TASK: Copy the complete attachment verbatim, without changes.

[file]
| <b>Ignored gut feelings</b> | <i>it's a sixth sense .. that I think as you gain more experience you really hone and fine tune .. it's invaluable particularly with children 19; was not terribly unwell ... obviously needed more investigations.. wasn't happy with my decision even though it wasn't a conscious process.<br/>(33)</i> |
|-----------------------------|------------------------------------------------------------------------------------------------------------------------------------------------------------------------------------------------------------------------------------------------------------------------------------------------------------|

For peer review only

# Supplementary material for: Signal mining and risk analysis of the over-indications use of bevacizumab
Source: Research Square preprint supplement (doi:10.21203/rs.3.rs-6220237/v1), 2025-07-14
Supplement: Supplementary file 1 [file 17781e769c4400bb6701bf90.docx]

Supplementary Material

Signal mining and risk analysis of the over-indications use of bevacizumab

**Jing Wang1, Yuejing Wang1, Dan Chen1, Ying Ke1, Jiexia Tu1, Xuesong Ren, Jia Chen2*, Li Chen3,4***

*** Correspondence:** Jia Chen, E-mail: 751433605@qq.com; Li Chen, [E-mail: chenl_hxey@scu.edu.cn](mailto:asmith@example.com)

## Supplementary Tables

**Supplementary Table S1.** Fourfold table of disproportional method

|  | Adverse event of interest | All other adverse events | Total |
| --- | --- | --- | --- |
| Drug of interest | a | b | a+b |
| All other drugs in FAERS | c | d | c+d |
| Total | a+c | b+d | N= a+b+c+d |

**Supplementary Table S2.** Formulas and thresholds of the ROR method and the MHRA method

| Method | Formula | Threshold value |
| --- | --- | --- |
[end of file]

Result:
| <b>Ignored gut feelings</b> | <i>it's a sixth sense .. that I think as you gain more experience you really hone and fine tune .. it's invaluable particularly with children 19; was not terribly unwell ... obviously needed more investigations.. wasn't happy with my decision even though it wasn't a conscious process.<br/>(33)</i> |
|-----------------------------|------------------------------------------------------------------------------------------------------------------------------------------------------------------------------------------------------------------------------------------------------------------------------------------------------------|

For peer review only

# Supplementary material for: Signal mining and risk analysis of the over-indications use of bevacizumab
Source: Research Square preprint supplement (doi:10.21203/rs.3.rs-6220237/v1), 2025-07-14
Supplement: Supplementary file 1 [file 17781e769c4400bb6701bf90.docx]

Supplementary Material

Signal mining and risk analysis of the over-indications use of bevacizumab

**Jing Wang1, Yuejing Wang1, Dan Chen1, Ying Ke1, Jiexia Tu1, Xuesong Ren, Jia Chen2*, Li Chen3,4***

*** Correspondence:** Jia Chen, E-mail: 751433605@qq.com; Li Chen, [E-mail: chenl_hxey@scu.edu.cn](mailto:asmith@example.com)

## Supplementary Tables

**Supplementary Table S1.** Fourfold table of disproportional method

|  | Adverse event of interest | All other adverse events | Total |
| --- | --- | --- | --- |
| Drug of interest | a | b | a+b |
| All other drugs in FAERS | c | d | c+d |
| Total | a+c | b+d | N= a+b+c+d |

**Supplementary Table S2.** Formulas and thresholds of the ROR method and the MHRA method

| Method | Formula | Threshold value |
| --- | --- | --- |